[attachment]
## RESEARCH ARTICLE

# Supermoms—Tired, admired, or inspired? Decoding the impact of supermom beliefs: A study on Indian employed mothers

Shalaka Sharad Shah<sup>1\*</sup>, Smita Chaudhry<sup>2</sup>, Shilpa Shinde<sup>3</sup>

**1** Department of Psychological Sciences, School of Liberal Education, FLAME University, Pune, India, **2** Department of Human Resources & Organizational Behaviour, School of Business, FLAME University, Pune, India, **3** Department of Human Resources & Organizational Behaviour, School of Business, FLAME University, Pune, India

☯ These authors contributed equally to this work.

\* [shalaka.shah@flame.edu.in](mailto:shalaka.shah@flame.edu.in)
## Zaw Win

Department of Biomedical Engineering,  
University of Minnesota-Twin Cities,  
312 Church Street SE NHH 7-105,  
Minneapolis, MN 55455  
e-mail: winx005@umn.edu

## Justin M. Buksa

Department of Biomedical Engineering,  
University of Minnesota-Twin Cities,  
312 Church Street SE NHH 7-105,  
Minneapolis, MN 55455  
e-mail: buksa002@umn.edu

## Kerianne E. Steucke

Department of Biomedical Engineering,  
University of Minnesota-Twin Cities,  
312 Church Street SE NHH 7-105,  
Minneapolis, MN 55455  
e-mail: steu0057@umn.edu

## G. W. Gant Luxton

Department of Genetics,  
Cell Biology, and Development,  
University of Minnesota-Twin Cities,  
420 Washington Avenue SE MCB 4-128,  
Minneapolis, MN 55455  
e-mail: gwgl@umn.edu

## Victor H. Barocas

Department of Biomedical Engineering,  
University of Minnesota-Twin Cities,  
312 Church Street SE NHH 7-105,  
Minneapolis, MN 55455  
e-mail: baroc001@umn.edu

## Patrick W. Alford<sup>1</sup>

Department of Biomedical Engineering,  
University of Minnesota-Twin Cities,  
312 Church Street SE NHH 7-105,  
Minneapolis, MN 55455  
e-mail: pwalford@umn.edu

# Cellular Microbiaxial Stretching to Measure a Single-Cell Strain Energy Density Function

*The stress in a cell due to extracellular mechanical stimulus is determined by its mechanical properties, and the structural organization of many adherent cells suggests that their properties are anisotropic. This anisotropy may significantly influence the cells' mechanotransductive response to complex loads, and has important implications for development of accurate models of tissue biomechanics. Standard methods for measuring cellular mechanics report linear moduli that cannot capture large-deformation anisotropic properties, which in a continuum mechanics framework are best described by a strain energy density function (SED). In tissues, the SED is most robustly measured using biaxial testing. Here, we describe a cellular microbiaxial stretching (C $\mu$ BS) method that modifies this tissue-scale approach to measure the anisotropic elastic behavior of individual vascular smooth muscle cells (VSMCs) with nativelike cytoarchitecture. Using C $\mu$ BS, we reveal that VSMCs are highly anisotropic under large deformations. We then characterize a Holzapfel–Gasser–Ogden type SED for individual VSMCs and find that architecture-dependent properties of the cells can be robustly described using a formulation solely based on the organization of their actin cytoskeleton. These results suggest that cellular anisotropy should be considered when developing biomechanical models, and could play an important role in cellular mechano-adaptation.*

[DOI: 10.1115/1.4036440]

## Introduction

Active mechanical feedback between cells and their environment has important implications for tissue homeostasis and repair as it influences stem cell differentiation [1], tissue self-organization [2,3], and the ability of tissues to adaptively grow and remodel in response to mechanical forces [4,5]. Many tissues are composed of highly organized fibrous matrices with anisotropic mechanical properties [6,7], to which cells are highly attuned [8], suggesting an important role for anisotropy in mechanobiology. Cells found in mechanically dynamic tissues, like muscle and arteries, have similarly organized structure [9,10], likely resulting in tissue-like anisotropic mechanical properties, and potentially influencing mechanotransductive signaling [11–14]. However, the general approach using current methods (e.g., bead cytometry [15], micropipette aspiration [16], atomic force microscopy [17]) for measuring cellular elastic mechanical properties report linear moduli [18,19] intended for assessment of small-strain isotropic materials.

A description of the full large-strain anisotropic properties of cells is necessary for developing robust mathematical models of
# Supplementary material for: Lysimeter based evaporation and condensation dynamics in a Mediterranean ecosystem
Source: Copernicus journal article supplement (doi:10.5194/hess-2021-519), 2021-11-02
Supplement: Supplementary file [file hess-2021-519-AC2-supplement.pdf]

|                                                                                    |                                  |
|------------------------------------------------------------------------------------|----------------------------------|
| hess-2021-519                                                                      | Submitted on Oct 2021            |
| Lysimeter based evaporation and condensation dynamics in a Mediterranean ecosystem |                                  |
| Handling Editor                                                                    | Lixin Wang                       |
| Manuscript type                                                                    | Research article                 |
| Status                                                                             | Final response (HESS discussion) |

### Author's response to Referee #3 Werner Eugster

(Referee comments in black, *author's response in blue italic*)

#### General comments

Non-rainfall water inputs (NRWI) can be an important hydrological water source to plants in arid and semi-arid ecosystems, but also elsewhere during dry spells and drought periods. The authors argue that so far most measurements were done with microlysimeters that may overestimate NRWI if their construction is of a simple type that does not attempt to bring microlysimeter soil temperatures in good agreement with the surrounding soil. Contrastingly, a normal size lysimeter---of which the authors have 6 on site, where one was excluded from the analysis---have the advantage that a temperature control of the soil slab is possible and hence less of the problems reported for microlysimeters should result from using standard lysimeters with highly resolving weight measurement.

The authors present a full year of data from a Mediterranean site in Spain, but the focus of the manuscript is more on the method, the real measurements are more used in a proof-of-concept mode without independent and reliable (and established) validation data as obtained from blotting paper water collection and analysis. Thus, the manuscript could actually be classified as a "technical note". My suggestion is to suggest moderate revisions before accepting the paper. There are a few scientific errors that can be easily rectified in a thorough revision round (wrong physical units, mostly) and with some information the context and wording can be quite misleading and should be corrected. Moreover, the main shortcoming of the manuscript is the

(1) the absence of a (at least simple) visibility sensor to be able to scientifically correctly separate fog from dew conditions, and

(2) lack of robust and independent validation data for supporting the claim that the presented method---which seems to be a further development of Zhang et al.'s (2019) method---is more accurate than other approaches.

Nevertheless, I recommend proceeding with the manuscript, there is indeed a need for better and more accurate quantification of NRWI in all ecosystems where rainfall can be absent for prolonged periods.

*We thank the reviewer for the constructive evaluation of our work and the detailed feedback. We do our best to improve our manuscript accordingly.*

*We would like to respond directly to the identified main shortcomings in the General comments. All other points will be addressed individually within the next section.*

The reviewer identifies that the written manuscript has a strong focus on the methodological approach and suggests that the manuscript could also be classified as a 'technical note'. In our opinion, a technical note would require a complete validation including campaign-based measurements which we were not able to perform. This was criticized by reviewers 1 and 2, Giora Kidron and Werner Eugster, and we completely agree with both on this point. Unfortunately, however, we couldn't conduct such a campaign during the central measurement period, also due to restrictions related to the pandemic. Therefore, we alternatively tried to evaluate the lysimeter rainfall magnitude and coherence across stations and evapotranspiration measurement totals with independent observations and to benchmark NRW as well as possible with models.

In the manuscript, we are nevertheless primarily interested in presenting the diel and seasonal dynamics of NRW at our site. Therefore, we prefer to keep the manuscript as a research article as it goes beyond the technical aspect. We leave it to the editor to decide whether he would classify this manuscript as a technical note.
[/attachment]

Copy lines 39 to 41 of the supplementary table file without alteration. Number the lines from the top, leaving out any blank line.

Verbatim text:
Department of Biomedical Engineering,  
University of Minnesota-Twin Cities,  
312 Church Street SE NHH 7-105,  